· Maintenance of the harbour infrastructure (engineering, dredging, navigation equipment, refrigeration, water supply, water treatment etc.)

· Fishing methods and fishing regulations; and

· Public hygiene and pollution prevention.

6.3.2 Duties of the administrative officer

His main tasks would normally include maintenance of records; accounts; collection of berthing charges; sale of water and fuel; recruitment of harbour personnel and levying of fines imposed by the harbour master.

6.3.3 Duties of the maintenance officer

His main tasks are the upkeep of navigational equipment; updating hydrographic information of the harbour basin, entrance and approach; maintenance and monitoring of the water supply system; and maintenance of water treatment and refrigeration systems.

6.3.4 Duties of the statistician

He is generally from the Fisheries Department deputed to the fishery harbour. His tasks are to record species and quantities landed daily; wholesale prices of landed fish; number and type of fishing boats and landed quantities for each species. His records are of utmost importance to the Fisheries Department to enable them assess the status of the fishery and take precautionary management interventions.

6.3.5 Duties of a hygiene officer/health officer

With the increasing importance of fish as a primary source of food, concern about the possibility of tainted fish entering the food market chain has been rising. His duties should therefore ensure that:

· Fish or fish products are not contaminated during handling;
· Potable standard water is used for washing fish;
· The port area is clean and free from pests and vermin;
· Port workers maintain personal hygiene; and
· Ice and water supplies to fishing vessels are pathogen-free.

6.3.6 Fishery harbour rules and regulations

As mentioned earlier, there are several types of fishery harbours and landing places in the Bay of Bengal region. Privately owned and small coastal landing places have no specific rules. As for the main harbours in the region - whether they are managed by the local government or a quasi government institution - any harbour rules that exist are concerned mainly with the use of port facilities and port dues.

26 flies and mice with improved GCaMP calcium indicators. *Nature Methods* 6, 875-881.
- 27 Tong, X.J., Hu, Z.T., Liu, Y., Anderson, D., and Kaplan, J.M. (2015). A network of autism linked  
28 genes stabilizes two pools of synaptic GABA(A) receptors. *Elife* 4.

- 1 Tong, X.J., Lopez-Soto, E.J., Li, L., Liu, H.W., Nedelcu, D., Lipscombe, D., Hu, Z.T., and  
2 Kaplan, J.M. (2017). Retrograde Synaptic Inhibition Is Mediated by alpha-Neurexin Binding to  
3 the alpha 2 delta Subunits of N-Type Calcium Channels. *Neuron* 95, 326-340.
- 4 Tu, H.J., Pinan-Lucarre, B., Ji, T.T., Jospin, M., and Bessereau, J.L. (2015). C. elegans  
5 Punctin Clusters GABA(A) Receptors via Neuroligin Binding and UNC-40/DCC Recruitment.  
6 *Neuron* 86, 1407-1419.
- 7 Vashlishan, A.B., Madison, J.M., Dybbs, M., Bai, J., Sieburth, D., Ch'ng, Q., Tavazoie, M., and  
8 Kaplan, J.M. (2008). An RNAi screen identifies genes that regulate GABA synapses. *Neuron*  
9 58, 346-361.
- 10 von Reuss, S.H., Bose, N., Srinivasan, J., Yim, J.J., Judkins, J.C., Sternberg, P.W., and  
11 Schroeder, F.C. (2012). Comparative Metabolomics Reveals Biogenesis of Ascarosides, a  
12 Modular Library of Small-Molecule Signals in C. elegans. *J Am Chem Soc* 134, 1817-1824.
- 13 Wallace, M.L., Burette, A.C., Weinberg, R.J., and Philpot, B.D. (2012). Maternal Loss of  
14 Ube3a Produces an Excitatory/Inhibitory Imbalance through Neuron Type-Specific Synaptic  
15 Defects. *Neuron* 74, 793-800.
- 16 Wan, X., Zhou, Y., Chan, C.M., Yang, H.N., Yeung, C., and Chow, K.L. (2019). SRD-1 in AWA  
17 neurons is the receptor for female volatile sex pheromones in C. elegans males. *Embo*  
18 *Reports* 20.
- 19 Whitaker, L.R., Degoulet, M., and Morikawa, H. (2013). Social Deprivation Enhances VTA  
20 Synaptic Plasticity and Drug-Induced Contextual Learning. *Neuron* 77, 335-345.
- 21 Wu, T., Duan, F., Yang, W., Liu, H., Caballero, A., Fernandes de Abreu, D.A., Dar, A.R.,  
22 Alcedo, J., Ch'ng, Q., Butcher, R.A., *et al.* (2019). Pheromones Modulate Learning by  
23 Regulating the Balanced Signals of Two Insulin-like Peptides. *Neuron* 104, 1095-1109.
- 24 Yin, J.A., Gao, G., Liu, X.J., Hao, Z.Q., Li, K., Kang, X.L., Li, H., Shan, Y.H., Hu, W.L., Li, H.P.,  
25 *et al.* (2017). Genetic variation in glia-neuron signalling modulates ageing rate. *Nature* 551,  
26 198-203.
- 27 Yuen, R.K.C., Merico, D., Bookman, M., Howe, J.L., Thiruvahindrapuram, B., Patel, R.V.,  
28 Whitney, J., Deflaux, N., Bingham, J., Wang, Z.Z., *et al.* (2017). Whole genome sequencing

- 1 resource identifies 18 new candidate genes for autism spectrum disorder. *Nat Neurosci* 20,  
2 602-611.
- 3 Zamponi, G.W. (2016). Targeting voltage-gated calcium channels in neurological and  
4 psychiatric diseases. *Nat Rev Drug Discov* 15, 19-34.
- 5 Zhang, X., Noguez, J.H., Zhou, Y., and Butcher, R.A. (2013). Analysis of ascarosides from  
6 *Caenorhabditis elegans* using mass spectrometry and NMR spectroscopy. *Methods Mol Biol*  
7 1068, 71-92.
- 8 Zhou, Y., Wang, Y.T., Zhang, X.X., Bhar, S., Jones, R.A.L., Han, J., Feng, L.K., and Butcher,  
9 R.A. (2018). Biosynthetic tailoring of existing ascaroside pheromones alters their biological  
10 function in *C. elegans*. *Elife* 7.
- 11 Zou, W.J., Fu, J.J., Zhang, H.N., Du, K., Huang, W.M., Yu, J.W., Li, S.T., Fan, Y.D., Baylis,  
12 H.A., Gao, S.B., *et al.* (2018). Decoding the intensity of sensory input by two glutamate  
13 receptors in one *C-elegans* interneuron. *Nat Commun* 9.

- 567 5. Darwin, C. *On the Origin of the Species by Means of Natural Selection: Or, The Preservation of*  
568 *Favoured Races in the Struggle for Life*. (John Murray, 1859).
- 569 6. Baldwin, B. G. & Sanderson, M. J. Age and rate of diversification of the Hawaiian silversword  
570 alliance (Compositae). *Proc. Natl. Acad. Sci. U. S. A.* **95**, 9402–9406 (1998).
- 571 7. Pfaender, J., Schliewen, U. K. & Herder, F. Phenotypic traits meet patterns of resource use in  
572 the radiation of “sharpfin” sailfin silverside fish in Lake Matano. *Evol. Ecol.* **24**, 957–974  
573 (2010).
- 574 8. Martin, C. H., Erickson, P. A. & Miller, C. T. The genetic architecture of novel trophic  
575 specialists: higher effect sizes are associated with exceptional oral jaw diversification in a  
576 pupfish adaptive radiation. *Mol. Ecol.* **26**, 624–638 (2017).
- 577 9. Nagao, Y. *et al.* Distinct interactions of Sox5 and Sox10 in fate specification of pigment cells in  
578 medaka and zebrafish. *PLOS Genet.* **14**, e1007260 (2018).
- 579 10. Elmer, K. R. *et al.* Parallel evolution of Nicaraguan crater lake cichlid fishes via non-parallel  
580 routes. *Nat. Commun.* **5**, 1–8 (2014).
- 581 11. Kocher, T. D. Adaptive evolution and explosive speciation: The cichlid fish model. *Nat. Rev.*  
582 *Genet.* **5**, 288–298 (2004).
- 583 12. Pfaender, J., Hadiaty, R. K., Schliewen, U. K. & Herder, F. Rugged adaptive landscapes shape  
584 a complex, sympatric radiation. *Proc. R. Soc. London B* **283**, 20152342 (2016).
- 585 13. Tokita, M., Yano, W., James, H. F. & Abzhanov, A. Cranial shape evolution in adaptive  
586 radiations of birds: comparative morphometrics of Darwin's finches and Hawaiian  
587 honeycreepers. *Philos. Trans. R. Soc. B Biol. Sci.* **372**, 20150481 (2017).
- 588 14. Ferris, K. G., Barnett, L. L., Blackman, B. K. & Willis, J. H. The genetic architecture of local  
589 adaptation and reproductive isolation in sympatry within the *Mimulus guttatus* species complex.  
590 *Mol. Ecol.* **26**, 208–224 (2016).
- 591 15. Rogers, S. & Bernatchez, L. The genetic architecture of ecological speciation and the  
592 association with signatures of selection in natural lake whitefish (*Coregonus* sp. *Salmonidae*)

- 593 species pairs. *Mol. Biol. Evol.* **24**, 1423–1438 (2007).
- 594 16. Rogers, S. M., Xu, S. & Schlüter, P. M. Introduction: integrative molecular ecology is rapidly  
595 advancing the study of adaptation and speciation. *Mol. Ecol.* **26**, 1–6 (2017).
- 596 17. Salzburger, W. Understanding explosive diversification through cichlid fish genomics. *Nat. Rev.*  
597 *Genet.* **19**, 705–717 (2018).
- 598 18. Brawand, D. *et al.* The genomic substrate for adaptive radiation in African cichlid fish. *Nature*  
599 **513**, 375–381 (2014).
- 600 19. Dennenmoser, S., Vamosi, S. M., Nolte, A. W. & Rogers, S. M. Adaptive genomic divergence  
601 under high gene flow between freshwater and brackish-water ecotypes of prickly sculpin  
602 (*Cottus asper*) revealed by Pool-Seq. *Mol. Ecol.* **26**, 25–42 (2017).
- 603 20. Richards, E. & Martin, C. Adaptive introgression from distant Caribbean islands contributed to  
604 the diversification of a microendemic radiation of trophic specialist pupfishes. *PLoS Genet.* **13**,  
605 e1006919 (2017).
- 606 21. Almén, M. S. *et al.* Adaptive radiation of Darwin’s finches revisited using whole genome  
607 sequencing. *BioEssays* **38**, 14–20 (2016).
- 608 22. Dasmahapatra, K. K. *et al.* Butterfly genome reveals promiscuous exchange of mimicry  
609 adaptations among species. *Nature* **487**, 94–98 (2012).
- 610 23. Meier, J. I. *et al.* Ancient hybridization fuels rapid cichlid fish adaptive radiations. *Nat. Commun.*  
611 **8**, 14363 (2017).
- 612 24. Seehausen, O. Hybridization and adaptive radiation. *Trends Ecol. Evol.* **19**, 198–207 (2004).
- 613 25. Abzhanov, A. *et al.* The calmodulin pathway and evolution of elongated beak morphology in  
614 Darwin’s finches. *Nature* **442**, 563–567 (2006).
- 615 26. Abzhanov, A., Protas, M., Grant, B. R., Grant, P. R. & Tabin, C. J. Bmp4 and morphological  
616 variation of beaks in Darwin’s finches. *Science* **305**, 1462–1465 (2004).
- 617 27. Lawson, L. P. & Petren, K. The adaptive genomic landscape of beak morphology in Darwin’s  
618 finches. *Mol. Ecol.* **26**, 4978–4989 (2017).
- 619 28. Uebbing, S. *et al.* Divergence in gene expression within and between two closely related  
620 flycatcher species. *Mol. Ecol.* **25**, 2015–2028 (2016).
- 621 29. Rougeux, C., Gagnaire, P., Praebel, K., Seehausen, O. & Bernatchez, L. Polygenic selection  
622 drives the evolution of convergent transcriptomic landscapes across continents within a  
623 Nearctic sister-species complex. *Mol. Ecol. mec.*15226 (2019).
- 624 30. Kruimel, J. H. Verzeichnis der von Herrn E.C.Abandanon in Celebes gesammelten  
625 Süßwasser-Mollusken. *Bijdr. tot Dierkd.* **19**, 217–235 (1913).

Needless to say, enforcement of pollution-specific rules is meaningless and extremely difficult, if the fishery harbour in question does not have the required infrastructure for waste collection and disposal, and if it does not provide the appropriate reception facilities for oily wastes, garbage and sewage for vessels using the harbour. Most fishery harbours in the region have been established by governments as a service to the fisheries sector. The revenue from port usage is barely sufficient to meet the maintenance needs of the harbour.

Under such circumstances, to ensure compliance with global, national and local laws to prevent marine pollution, the harbour master should:

· perform a waste audit and estimate the load from different waste streams;

· provide cost estimates to the authorities concerned, with assistance from harbour infrastructure specialists, for the basic upgrading of the facility to meet current hygiene and sanitary standards; and

· take measures to improve port security and deny access to unauthorized visitors and vendors.

When the harbour has been upgraded, the harbour master should prepare an amended set of port rules and regulations to include pollution abatement clauses that also cover third party supply of fuel, ice and canteen services; levy a pollution abatement surcharge on port users; include stiff penalty clauses for transgressing harbour rules; organize training programmes for staff to participate in quality programs; and conduct awareness campaigns for harbour users and the general public concerning the cleanliness ethic.